That night, after my mom had taken the drawings out of the bottle, we passed them around, speculating. Was this the work of a famous artist we weren’t familiar with? Did we hold priceless treasure in our hands, the flippant gesture of an artist bored at sea? What was this?!
I emailed John the very night I got home.
Dear Mr. Piper,
We are strangers to each other, or were, but you should know this: I found your pencil sketches—the ones you put in a big plastic bottle and tossed in the sea!
Two hour later, he wrote back to me!
What an amazing thing to happen. It has been drifting around since November 2006! When I threw it over the side of P & O cruise ship Oceana, (but then you might know that already, I can’t really remember what I put on the notes? It was only a bit of fun and just a very long shot). I had no idea where it would end up; probably swallowed by some passing whale perhaps? So where on earth did you find it? I am so totally overcome by this event.
I live in Exeter, in the County of Devon, in the South West of England. I am retired and painting and writing full time.
This meant John’s bottle was a year and a half old, which is actually fairly old for a plastic bottle at sea. Plastic degrades pretty quickly at sea. Sadly, it is often mistaken for food by sea critters who can choke on it. So I was glad to fish out John’s bottle, since I know he didn’t want that to happen!
As we emailed more, I got to know John a little better. Turns out he was a military man, like my own grandfather. John served 30 years in the British Army, and my grandfather (whose name—you guessed it!—was also John), served 30 years in the United States Navy.
Here’s a picture of John Piper in his Army days, with buddies. John is second from the left:
Just for fun, and because I’ve always been ridiculously proud of him (not to mention his dashing good looks), here’s a picture of my own grandfather Johnnie in his Navy days:
John Piper served from 1955 (he was only 15 years old!) until 1984, when he retired from the Royal Signals as a Captain.
Once he retired, John turned his focus to his art. Of course, he’d always been an artist. Check out this snippet from his artist bio:
“Drawing and watercolour painting wildlife became something of an obsession from a very early age, and John still has a great fondness for wildlife and botanical painting. During his latter school years he exhibited in various national youth exhibitions; winning recognition for his paintings of British Birds.”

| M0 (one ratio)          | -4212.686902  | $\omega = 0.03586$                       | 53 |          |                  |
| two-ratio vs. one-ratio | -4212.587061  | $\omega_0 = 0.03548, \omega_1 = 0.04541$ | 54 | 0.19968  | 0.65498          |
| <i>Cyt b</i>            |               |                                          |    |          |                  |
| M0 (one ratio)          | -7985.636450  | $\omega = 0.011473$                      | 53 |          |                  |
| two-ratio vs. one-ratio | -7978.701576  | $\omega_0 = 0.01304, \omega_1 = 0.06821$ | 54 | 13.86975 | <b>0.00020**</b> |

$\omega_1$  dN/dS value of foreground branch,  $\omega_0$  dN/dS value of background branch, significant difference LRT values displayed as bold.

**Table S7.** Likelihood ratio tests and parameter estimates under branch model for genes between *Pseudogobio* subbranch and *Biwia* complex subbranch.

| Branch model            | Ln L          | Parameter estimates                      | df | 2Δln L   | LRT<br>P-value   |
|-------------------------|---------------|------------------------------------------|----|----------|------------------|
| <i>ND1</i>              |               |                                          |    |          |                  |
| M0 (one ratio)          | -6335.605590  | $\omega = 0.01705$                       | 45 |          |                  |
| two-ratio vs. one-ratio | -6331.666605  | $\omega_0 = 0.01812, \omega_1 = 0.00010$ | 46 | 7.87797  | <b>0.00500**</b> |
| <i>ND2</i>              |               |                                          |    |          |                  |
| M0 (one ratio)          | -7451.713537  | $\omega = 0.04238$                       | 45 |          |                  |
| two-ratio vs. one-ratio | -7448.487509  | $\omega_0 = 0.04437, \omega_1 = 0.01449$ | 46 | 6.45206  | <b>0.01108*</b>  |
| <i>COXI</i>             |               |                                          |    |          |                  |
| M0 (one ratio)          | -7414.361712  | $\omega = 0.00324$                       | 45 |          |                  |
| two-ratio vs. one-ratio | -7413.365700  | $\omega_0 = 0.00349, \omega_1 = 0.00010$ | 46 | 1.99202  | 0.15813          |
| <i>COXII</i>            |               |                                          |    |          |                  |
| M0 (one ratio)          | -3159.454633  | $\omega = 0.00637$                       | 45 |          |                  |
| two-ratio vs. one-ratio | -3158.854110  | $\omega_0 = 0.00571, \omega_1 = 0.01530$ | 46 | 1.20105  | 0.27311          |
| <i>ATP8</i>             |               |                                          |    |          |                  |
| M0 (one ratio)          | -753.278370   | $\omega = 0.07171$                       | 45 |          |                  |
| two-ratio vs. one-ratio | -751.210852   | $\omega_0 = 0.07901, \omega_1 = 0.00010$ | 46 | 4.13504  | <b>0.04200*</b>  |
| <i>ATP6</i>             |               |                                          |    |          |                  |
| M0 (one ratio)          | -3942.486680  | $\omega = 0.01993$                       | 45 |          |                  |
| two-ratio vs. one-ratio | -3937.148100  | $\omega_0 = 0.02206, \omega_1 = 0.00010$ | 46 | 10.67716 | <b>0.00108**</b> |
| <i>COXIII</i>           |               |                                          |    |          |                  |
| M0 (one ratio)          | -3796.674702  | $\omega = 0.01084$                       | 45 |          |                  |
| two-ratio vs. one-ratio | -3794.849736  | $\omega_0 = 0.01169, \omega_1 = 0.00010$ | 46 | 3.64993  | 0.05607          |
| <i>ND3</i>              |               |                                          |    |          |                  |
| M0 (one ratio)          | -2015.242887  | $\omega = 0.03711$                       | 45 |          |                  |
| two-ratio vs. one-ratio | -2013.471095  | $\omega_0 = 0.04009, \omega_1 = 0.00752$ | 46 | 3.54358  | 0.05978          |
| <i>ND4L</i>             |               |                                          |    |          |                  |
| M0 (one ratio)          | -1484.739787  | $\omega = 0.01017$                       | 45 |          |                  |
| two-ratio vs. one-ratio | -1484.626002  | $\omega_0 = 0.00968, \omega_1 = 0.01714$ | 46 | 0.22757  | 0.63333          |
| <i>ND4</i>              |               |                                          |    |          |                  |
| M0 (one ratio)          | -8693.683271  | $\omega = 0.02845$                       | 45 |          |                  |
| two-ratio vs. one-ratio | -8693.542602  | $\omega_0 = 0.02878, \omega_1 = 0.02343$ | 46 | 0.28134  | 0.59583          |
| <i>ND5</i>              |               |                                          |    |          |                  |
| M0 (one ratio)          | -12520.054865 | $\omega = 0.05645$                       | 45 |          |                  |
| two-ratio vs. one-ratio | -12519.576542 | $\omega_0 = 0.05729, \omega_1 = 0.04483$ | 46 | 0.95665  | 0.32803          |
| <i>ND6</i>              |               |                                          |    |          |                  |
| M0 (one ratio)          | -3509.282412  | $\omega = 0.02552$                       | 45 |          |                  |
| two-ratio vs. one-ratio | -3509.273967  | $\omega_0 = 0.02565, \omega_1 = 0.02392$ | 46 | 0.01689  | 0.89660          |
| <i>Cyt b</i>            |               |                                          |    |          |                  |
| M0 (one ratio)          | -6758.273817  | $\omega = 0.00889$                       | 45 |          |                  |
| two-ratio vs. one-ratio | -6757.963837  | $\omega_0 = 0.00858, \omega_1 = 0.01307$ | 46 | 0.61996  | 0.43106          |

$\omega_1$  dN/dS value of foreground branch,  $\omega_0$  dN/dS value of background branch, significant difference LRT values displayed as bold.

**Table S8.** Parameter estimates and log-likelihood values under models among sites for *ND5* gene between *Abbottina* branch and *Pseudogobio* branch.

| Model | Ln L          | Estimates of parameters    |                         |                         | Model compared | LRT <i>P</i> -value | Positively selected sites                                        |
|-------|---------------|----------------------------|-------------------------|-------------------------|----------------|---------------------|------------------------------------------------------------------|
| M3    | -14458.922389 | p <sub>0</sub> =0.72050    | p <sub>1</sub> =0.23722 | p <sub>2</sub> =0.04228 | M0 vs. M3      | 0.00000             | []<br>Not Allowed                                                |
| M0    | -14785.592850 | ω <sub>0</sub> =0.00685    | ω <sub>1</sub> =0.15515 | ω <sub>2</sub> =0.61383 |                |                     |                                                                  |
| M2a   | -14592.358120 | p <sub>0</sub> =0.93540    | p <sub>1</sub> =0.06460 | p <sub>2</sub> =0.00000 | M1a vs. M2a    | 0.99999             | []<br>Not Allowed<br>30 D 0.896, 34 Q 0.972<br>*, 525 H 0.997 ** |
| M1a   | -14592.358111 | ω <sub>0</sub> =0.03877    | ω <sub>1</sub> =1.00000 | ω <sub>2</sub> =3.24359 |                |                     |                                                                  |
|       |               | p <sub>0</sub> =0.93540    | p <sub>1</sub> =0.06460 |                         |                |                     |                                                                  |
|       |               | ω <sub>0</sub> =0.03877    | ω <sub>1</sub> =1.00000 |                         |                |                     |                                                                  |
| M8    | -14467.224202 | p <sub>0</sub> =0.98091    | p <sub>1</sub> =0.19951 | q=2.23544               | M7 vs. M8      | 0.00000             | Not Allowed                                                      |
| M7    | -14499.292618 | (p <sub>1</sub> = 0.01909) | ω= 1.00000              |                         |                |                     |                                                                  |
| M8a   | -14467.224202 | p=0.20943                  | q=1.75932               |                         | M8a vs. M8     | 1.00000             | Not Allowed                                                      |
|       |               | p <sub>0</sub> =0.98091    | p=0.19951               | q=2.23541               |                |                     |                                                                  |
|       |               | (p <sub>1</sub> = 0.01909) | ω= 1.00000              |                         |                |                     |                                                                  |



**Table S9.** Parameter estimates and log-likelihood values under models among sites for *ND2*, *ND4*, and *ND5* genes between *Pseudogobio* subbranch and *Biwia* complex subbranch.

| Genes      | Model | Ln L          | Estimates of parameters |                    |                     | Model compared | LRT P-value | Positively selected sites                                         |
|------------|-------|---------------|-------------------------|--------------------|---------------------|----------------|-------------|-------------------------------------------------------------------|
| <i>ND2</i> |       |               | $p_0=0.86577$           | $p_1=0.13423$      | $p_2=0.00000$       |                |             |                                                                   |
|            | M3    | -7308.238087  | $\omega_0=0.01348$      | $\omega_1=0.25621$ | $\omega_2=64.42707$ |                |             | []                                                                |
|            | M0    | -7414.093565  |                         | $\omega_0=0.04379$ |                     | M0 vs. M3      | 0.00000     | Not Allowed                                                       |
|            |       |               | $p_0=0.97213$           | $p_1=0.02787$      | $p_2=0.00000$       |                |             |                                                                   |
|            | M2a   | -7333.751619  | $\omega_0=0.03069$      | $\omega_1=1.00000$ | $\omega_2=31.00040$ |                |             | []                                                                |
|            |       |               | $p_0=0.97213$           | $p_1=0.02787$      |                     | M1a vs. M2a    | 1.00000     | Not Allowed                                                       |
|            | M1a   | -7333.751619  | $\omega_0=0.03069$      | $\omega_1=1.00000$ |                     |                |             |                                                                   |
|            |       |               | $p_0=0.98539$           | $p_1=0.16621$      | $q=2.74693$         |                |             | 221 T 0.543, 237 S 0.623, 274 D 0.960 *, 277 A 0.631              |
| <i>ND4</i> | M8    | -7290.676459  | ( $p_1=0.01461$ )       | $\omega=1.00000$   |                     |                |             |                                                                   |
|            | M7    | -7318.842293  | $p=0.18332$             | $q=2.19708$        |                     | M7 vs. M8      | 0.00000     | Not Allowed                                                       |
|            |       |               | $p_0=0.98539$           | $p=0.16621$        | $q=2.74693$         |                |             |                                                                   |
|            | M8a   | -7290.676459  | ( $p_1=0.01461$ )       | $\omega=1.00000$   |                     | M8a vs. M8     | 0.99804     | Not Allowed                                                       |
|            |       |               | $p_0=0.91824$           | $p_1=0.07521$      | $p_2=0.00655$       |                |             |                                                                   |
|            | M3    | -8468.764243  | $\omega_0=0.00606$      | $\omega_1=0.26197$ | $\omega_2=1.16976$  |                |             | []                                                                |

And now, all these years later:
“John has exhibited in several locations in Spain, the Balearics and Australia, also locally in various galleries and the Royal Devon & Exeter Hospital. Always travelling, he has developed a great love for Spain, Spanish culture and music, which has inspired some of his more colourful and dramatic works.”
See, for example, John’s paintings:
The theme of travel is almost always present in John’s work. This love for travel, I have begun to see, is a persistent theme among message-in-a-bottle senders. It is a passion I share with each of them. In my dream world, all the senders whose bottles I’ve found would get together in one place, and we would spend hours talking about our travels, into the night.
Speaking of travel and adventure and romance on the high seas, my favorite paintings from John are his marine paintings—particularly the ones of boats and harbors. Living in Exeter provides ample opportunity to study boats on water.
If those don’t make you nostalgic for being on the water, check your pulse!
For someone who is not a musician, John has an uncanny knack for capturing the energy of music in his paintings.
Look on John’s paintings, ye mighty, and despair:
Don’t those two make a fantastic pair?
And this one, inspired by Picasso’s “The Old Guitarist” is nothing to sneeze at either:
John loves Miles Davis. Is this tribute not magnificent?
I did ask him the big question, of course: why did he send a message in a bottle?
“The message in the bottle idea, was rather spontaneous really, I suppose I had enjoyed the classes aboard the ship, and liked the girl who was tutoring, so over the side it went! It just goes to show, what can happen when fate takes a hand.”
Indeed. I am always amazed by how much good can come of the spontaneous gesture of sending a message in a bottle.
I spoke with my mom about this bottle recently. As we recalled the details of that night, and the utter surprise we felt upon unrolling John’s sketches, she said:
“Did you ever think in your wildest dreams that you’d find artwork in a bottle? It’s just not something that crosses your mind,”
No, it didn’t cross my mind. But it did cross the Atlantic! 🙂
[All photos of John Piper’s paintings in this post are his property, and are reproduced here with his permission.]